By Sen. Roy Dyson

[ Senator Dyson's Newletter ]

Pfeisteria: is it hysteria or not? The massive fish kill in the
Pocomoke River on the Eastern Shore was caused by something. The kill is
surprisingly like what has occurred repeatedly this decade in North
Carolina. Persons in that state who called it hysteria to be concerned
about pfeisteria have sadly been proven wrong.

It surely isn't hysteria to be concerned about the fish kills in the
Chesapeake. And it surely isn't hysteria to be cautious for the time
being about what you do on or in the waters of the Chesapeake Bay and
its tributaries. But, does that Eastern Shore fish kill translate into a
human health hazard? For that question the jury is still out. State
officials are frantically trying to find the answer to that question.
Hopefully it will be quickly forthcoming, and not slowly and
begrudgingly, as it was in North Carolina.

I know that many of you in my district have heard news reports about
pfeisteria and have concluded that it doesn't affect you because it
appears to be happening only on the Eastern Shore. Or it may appear too
complicated and scientific for you to attempt to understand. For several
reasons which I will get to later I feel that everyone here should
become knowledgeable about pfeisteria.

First a little background. Pfeisteria is a single-cell organism. It is
an animal, as opposed to a plant (which some people thought when it was
first discovered). It is part of the family known as dinoflagellates. A
member of its family causes the red tide fish kills which we have
experienced in Southern Maryland waters.

Pfeisteria remains dormant until something triggers it. That something,
scientists believe, is pollution in the form of nutrients. In North
Carolina, waste from hog farms has been identified as one of the
culprits. When pfeisteria is released in becomes what has been described
as "the killer from hell." It attacks fish viscously, leaving them dead
and with gaping holes in their bodies. It also attacks human blood in
laboratory tests.

In North Carolina it is believed to have caused many health problems
for humans who have come into contact with it. Watermen, divers,
swimmers and others who have come in contact with pfeisteria infested
waters have had lesions on their body and experienced irritableness and
short-term memory loss. People have difficulty remembering at the end of
a sentence what they said at the beginning. Fortunately the problems
seem to at least partially go away when they remove themselves from
water contact.

Our office has received information several times this summer of fish
being caught in the Potomac and Patuxent with lesions. Unlike the
Pocomoke, there have been, as far as we know, no reports of human health
problems in Southern Maryland. St. Mary's County Health Officer Dr.
Ebenezer Israel confirms no human health related reports. And he says
that the lesions can be caused by factors other than pfeisteria.

The state health department has issued a notice regarding safe swimming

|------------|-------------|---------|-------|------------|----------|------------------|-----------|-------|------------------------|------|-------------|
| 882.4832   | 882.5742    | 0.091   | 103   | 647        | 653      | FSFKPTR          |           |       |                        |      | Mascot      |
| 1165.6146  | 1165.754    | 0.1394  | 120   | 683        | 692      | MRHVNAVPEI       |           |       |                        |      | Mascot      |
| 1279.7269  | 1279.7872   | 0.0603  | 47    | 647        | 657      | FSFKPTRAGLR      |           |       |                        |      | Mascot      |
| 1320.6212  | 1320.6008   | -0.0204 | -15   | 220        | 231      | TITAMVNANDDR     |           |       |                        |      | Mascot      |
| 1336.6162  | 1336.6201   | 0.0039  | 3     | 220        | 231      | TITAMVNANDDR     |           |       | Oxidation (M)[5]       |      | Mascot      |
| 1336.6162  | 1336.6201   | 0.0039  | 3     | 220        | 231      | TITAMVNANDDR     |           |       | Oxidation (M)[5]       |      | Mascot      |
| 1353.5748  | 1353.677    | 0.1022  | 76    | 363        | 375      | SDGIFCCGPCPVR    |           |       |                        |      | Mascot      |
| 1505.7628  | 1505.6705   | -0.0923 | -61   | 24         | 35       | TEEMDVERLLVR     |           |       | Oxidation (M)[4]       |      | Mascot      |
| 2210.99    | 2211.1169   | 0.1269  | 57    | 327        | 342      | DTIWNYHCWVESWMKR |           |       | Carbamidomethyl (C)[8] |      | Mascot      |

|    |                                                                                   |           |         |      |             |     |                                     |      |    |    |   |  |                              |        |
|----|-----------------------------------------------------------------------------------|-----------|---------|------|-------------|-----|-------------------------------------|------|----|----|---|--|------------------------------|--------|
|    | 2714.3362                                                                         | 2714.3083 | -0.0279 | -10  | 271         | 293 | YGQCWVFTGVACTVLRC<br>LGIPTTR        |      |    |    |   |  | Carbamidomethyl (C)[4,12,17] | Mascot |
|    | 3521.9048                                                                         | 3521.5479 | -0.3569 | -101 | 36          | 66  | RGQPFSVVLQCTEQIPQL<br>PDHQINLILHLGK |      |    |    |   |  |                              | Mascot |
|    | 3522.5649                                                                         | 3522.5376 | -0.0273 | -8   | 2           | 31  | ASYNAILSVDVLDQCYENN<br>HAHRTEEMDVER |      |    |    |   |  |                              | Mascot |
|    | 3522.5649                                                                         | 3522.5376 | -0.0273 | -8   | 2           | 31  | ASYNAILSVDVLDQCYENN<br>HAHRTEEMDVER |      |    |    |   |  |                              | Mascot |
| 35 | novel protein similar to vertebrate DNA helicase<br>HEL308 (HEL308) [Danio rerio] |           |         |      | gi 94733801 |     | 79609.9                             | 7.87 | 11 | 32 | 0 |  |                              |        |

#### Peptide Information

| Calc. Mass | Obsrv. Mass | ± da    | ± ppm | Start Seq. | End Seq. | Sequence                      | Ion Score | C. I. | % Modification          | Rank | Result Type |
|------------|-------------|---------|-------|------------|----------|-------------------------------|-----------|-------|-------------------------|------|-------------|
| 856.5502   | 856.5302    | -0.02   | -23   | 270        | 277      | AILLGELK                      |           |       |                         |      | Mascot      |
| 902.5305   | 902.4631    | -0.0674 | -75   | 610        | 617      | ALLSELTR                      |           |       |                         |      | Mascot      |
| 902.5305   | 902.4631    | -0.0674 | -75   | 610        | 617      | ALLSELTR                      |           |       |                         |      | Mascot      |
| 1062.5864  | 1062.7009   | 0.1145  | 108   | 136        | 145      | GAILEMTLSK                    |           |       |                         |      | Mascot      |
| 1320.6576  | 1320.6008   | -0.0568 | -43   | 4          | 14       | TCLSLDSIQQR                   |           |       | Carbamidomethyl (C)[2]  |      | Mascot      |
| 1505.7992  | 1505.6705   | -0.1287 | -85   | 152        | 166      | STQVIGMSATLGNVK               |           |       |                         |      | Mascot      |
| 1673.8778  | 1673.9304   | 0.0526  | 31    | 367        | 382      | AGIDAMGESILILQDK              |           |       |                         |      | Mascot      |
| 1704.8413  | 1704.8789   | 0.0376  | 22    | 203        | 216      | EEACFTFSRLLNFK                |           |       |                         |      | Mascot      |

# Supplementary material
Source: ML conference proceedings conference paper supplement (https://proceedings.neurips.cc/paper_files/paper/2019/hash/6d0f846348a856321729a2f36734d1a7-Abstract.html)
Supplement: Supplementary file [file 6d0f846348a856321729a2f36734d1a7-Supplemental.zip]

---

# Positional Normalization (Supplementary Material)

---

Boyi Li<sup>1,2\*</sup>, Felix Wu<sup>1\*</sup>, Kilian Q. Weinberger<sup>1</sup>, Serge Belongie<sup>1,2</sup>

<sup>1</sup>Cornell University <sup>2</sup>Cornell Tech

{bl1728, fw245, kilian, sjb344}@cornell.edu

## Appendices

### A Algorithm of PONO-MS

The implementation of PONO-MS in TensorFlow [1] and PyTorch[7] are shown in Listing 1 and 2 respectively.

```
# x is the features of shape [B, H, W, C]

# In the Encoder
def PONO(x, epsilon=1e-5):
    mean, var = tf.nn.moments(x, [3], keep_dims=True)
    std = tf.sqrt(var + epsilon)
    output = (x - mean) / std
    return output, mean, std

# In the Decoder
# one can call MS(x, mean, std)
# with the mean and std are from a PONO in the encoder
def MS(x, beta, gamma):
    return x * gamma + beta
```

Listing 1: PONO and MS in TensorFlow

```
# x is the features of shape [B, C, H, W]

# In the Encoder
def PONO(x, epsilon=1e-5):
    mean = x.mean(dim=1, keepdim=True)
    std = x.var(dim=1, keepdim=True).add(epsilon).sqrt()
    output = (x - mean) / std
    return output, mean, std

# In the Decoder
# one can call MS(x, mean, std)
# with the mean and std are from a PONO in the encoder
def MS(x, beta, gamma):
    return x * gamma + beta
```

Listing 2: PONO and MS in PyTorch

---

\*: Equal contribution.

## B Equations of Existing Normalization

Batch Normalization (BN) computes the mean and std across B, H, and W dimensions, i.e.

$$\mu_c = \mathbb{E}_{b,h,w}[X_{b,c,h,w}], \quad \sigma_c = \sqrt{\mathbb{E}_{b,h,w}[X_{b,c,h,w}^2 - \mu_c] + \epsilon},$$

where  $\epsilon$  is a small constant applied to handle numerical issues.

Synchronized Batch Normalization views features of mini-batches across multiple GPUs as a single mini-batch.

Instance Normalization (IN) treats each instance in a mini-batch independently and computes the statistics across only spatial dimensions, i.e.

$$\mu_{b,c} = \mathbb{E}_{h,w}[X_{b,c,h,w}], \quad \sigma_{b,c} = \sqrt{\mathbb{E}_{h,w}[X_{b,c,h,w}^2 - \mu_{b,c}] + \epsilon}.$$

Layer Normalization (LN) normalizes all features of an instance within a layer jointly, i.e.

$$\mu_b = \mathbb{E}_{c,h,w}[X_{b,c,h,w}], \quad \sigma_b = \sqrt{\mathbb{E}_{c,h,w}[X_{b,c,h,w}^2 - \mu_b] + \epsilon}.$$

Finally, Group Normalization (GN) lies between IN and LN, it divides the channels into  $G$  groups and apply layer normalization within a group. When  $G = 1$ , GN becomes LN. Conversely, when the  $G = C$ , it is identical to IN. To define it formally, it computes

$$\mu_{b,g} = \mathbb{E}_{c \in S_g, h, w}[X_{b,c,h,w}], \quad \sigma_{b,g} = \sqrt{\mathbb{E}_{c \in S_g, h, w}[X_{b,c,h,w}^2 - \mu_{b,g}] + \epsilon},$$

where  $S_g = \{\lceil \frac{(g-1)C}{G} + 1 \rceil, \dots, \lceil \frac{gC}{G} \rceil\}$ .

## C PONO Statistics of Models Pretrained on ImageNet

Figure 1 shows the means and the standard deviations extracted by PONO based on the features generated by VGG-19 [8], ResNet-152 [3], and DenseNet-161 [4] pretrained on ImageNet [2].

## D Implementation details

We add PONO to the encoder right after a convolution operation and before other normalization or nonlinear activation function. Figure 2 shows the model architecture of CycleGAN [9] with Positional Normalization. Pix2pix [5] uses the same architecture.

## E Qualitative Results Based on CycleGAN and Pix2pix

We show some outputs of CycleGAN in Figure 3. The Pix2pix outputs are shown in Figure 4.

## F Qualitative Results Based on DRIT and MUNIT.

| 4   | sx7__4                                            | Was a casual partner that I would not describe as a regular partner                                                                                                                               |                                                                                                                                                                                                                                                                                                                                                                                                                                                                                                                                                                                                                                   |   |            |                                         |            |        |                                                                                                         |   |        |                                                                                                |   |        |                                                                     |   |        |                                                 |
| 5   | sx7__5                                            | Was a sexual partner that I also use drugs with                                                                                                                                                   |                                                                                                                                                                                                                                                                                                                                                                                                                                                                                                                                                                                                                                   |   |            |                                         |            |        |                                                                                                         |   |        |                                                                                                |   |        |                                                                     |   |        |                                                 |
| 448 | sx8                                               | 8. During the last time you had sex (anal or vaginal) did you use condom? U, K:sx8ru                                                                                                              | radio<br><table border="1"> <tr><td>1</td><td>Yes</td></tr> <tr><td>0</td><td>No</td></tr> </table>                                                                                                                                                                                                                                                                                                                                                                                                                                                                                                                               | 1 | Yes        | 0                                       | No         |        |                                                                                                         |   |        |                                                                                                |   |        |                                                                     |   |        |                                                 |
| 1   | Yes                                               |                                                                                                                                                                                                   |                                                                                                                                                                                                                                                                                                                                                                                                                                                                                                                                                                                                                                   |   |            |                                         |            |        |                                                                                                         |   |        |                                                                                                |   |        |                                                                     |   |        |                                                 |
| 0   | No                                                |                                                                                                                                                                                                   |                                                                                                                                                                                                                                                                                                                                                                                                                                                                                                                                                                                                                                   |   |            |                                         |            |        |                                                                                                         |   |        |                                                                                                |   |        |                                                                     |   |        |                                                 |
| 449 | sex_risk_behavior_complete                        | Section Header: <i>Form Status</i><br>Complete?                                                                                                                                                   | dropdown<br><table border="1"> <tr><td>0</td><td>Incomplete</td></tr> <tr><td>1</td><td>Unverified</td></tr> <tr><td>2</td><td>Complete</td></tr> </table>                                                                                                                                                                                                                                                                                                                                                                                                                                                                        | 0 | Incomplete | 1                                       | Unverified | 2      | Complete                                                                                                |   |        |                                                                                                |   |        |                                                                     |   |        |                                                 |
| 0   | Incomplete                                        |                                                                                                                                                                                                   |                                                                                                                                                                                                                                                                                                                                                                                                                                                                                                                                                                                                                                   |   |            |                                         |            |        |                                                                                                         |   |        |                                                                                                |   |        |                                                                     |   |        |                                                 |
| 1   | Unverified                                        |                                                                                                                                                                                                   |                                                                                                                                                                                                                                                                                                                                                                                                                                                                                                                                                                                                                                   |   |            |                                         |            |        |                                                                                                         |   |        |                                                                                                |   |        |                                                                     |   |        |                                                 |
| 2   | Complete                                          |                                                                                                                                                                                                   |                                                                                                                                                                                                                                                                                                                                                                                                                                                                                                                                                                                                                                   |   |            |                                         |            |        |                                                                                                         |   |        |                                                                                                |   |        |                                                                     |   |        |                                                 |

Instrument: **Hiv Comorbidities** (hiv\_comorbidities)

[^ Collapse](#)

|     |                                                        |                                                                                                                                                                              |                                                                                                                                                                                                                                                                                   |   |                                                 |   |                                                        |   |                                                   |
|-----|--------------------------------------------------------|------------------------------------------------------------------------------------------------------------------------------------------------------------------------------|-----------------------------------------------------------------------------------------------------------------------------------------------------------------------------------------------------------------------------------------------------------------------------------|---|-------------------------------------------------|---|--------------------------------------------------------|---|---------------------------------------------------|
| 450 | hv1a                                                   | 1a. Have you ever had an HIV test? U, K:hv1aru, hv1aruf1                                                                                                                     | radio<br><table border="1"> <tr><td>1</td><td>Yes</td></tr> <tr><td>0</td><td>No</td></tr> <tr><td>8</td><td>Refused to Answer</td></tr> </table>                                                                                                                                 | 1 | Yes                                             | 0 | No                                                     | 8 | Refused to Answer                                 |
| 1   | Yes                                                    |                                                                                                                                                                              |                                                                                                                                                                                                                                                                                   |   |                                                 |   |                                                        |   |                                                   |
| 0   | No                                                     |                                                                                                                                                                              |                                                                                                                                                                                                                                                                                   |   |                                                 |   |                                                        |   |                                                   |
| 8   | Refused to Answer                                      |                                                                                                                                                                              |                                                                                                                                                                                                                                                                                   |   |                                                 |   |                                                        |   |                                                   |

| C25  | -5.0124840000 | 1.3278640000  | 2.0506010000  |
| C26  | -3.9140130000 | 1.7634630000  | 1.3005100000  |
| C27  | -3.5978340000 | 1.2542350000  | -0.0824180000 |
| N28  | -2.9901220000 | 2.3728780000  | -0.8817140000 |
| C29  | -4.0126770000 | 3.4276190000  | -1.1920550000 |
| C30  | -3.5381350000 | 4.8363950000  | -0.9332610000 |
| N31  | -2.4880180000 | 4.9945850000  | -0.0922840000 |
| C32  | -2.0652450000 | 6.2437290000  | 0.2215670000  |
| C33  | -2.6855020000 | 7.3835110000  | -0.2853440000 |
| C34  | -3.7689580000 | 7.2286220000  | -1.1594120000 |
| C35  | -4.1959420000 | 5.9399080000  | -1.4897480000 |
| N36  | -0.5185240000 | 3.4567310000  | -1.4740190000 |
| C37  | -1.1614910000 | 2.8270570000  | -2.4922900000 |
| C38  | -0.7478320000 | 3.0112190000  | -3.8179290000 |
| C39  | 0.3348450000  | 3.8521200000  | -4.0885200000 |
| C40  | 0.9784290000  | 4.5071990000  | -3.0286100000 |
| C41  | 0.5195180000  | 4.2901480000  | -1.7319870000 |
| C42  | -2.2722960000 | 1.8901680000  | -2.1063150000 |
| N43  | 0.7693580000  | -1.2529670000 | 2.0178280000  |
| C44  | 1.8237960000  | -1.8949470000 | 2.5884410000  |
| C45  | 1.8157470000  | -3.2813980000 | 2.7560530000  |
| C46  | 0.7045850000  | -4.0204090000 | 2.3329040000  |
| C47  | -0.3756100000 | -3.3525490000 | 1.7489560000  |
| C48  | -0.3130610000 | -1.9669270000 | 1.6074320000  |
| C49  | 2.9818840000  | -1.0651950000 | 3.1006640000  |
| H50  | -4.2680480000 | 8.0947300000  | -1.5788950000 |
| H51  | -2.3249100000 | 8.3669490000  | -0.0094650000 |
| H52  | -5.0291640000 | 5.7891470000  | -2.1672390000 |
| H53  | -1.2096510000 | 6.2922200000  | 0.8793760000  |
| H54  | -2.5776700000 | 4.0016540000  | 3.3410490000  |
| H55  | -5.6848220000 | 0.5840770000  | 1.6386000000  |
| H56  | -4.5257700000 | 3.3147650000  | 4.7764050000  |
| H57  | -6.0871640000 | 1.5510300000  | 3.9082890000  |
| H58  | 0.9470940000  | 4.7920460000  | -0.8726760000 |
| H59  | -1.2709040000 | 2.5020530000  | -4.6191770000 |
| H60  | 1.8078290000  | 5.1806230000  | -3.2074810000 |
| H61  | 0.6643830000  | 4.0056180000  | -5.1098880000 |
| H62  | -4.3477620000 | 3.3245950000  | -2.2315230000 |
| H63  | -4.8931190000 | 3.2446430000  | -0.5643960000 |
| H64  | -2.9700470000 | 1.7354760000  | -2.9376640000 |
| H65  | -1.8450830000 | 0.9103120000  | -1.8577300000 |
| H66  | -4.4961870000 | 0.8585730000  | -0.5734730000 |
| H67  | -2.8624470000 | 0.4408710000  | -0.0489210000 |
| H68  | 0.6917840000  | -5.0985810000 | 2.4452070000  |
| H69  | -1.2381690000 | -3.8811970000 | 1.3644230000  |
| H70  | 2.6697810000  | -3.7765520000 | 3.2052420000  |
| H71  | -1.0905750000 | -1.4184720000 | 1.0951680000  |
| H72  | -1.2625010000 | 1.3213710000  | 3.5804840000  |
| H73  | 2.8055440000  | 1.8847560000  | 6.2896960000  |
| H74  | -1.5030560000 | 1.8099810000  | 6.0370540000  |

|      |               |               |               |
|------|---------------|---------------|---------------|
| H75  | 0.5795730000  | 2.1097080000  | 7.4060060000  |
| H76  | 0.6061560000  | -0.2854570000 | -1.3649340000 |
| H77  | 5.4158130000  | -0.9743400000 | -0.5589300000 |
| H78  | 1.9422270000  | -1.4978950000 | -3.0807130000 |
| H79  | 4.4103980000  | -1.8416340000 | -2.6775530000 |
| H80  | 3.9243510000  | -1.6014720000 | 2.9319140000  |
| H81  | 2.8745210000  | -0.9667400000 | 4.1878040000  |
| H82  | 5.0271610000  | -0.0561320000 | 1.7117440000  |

and fishing in the Bay. The notice says: "Swimming or recreating in
Maryland waters does not pose a public health threat." But it goes on to
modify that statement by saying after swimming in any natural surface
water people should bathe or shower. And it cautions: "Do not swim in an
area experiencing a major fish kill (thousands of dead fish)." Dr.
Israel says "major" is defined as at least 20 percent of the fish
population. On the Pocomoke the fish kill percentage is much higher.
The health notice goes on to say that people should use common sense is
eating fish, including not eating fish with deep ulcers into the flesh
and not eating dead or dying fish. Also fish, of course, should be
completely cooked. Regarding handling fish with lesions, it says
recreational fisherman should wash their hands with soap and water and
commercial watermen are encouraged to wear gloves and wash their hands

These are pretty common sense precautions, regardless of whether we
have pfeisteria in Southern Maryland waters or not. But Dr. Israel says
that if we do have it, it will have been triggered by what we do on the
land. So it behooves all of us to be better stewards of the Chesapeake
Bay by questioning what we are doing in our own day-to-day living. One
example: do we really need to put fertilizer with 15 or 25 percent
nitrogen on our lawn? The old axiom holds true: an ounce of prevention
is worth a pound of cure.

The problem got out of hand in North Carolina because state officials
buried their heads in the sand about the problems of pollution and about
the potential problem of pfeisteria. It took years for the message to
catch on in that state. We've known about lesions in the Pocomoke River
since last winter. Only now do we appear to be mobilizing. Not a record
to be proud of but I am still hopeful that we can acquit ourselves by
saying we've acted as quickly as humanly possibly to protect human

Meanwhile if you see any suspicious looking fish or you yourself or
someone you know is experiencing the health problems I've mentioned
above, please call the state toll--free number at 1-888-448-0012.

[ Senator Dyson's Newletter ]